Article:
Genetic, environmental and gender influences on attachment disorder behaviours

Helen Minnis, Joanne Reekie, David Young, Tom O'Connor, Angelica Ronald, Alison Gray, Robert Plomin

Research output: Contribution to journalArticle

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Abstract

Background Despite current interest in attachment disorder, there is concern about its discrimination from other disorders and an unproven assumption of an environmental aetiology. Aims To test whether behaviours suggestive of attachment disorder are distinct from other childhood behavioural and emotional problems and are solely environmentally determined.

Method In a community sample of 13 472 twins, we carried out factor analysis of questionnaire items encompassing behaviours indicative of attachment disorder, conduct problems, hyperactivity and emotional difficulties. We used behavioural genetic model-fitting analysis to explore the contribution of genes and environment.

Results Factor analysis showed clear discrimination between behaviours suggestive of attachment disorder, conduct problems, hyperactivity and emotional problems. Behavioural genetics analysis suggested a strong genetic influence to attachment disorder behaviour, with males showing higher heritability.

Conclusions Behaviours suggestive of attachment disorder can be differentiated from common childhood emotional and behavioural problems and appear to be strongly genetically influenced, particularly in boys.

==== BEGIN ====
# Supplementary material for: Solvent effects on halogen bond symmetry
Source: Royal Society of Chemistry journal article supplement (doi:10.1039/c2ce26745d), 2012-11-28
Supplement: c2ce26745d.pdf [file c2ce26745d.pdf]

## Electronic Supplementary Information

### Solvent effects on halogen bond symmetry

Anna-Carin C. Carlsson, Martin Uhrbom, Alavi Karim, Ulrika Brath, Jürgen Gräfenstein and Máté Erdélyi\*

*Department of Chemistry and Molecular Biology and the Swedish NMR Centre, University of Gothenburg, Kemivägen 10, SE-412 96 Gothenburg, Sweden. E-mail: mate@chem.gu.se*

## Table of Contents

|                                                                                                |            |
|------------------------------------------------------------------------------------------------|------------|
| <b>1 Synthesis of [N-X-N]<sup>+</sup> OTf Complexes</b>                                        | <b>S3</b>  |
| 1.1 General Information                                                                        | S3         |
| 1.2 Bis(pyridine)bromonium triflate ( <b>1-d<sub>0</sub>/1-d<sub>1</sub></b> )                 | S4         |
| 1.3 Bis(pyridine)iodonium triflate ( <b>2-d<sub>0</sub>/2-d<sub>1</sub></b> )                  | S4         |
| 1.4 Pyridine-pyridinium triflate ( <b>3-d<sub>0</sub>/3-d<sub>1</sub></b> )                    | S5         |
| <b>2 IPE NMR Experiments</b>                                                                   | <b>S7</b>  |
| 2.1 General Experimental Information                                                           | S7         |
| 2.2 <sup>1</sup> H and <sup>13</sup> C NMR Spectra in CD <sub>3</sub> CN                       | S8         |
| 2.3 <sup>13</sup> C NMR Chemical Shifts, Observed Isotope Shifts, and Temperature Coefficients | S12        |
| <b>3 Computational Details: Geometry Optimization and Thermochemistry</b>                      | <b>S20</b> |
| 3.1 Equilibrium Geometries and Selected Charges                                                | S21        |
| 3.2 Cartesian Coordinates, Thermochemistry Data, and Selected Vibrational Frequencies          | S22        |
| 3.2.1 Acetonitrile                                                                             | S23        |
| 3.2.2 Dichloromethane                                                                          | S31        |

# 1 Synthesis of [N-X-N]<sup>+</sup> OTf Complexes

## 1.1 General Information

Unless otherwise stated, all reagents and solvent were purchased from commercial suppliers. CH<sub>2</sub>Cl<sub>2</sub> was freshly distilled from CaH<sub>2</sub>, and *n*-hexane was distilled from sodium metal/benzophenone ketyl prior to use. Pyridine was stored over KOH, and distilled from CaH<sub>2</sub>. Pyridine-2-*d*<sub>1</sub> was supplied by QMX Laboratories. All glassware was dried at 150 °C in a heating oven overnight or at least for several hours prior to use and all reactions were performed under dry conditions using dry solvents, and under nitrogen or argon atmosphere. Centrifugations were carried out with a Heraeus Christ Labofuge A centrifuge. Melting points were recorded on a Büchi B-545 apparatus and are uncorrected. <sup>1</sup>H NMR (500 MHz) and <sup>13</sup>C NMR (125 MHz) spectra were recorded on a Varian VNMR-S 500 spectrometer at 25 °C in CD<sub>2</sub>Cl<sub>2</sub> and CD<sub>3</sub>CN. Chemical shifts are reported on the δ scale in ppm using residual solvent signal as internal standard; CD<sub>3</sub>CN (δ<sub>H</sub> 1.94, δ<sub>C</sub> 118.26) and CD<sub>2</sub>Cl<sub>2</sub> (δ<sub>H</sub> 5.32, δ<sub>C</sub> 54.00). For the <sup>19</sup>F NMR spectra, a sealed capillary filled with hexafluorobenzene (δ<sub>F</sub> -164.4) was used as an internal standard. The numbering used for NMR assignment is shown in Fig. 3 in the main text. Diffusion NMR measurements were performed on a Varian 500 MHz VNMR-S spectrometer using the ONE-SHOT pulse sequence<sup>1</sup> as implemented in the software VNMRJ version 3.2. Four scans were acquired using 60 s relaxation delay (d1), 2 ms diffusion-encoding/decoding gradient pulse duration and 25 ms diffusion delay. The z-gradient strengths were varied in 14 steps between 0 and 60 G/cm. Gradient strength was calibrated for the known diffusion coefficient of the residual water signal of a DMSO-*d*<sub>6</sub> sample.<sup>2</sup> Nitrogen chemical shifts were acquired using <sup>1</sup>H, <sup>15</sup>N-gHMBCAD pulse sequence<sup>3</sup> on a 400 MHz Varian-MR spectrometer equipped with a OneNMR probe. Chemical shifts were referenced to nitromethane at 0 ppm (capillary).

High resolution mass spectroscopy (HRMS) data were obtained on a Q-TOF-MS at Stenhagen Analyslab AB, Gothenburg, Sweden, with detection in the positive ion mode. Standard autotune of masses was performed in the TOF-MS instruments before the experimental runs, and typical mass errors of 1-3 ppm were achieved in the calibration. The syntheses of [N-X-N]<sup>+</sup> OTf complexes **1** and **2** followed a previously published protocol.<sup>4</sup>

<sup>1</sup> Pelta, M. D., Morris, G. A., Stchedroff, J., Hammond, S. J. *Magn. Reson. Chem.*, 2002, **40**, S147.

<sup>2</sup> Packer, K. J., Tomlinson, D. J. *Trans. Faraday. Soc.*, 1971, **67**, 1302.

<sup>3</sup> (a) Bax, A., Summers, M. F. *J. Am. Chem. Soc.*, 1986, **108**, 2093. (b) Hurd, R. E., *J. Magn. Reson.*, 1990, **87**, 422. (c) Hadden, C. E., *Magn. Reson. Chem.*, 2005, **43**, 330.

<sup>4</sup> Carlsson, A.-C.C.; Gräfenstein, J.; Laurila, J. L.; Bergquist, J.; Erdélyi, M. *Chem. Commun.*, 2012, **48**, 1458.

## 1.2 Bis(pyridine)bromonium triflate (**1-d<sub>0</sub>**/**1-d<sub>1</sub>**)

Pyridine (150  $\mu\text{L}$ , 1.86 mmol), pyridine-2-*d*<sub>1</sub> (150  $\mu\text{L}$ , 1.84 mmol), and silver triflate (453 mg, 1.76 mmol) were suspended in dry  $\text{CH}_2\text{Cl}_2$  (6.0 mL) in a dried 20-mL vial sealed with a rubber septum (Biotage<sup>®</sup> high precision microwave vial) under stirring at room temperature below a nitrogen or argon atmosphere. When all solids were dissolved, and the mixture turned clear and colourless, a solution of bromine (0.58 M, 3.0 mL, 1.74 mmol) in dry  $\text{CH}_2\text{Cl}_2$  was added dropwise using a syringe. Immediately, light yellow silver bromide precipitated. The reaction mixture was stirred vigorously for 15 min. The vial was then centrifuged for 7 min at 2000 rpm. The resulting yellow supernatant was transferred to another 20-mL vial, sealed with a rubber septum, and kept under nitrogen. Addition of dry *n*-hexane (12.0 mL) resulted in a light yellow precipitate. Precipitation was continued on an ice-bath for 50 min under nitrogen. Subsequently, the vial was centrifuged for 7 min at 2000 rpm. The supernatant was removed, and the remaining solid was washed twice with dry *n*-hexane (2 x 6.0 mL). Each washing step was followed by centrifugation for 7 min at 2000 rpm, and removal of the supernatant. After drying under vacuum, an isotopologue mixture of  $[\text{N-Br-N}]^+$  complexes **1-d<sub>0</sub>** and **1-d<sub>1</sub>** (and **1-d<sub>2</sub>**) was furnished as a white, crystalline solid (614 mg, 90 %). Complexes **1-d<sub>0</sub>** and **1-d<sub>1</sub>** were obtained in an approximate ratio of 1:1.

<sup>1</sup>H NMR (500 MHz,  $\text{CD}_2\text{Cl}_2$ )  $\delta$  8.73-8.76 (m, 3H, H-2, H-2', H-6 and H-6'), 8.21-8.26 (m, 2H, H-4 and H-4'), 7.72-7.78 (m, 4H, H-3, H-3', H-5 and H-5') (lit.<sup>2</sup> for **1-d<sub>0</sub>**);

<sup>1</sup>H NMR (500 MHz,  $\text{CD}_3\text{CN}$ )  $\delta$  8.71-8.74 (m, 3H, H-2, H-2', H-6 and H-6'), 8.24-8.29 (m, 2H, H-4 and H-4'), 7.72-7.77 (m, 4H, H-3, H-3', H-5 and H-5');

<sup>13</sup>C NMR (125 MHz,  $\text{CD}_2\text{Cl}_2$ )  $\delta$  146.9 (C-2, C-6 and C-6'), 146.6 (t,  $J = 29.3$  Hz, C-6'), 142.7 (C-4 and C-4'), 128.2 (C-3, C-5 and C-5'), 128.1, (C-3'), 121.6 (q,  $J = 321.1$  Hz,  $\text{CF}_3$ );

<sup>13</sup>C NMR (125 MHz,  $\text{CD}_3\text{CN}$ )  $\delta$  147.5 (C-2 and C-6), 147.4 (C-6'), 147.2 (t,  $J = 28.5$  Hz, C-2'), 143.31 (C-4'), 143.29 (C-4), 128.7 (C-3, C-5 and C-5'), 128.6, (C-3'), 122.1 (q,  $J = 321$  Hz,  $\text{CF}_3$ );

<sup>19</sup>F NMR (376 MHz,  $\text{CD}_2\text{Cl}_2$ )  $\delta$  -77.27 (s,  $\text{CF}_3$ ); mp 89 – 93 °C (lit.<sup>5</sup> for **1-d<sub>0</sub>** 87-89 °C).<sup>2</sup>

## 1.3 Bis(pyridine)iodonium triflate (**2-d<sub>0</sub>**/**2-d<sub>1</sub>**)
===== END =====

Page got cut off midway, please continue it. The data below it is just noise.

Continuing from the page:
INTRODUCTION TOP
ABSTRACT
INTRODUCTION
METHOD
RESULTS
DISCUSSION
REFERENCES

There have been recent attempts to codify behaviours associated with early neglect and institutionalisation (Chisolm et al, 1995; Zeanah et al, 2004) into a psychiatric category. Both DSM–IV and ICD–10 describe reactive attachment disorder, with two subtypes encompassing inhibited and disinhibited behaviour (World Health Organization, 1992; American Psychiatric Association, 1994). Questions remain about the nosology of the syndrome beyond age 5 years (American Academy of Child and Adolescent Psychiatry, 2005), therefore we simply refer to ‘attachment disorder behaviours’. We seek to extend the extant literature by testing two hypotheses: first, that the two subtypes are distinct from one another and from other common behavioural and emotional problems in young children, and second that these behavioural patterns are environmentally mediated. We capitalise on a twin study, a design that provides particular leverage in testing environmental hypotheses.
LanguageEnglish
Pages490-495
Number of pages6
JournalBritish Journal of Psychiatry
Volume190
DOIs
Publication statusPublished - 2007

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Behavioral Genetics
Conduct Disorder
Statistical Factor Analysis
Reactive Attachment Disorder
Adolescent Psychiatry
Institutionalization
Child Psychiatry
Twin Studies
Genetic Models
International Classification of Diseases
Diagnostic and Statistical Manual of Mental Disorders
Psychiatry
Genes
Problem Behavior
Surveys and Questionnaires

Keywords

  • genetics
  • neuroscience

Cite this

Minnis, Helen ; Reekie, Joanne ; Young, David ; O'Connor, Tom ; Ronald, Angelica ; Gray, Alison ; Plomin, Robert. / Genetic, environmental and gender influences on attachment disorder behaviours. In: British Journal of Psychiatry . 2007 ; Vol. 190. pp. 490-495.
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Genetic, environmental and gender influences on attachment disorder behaviours. / Minnis, Helen; Reekie, Joanne; Young, David; O'Connor, Tom; Ronald, Angelica; Gray, Alison; Plomin, Robert.

In: British Journal of Psychiatry , Vol. 190, 2007, p. 490-495.

Research output: Contribution to journalArticle

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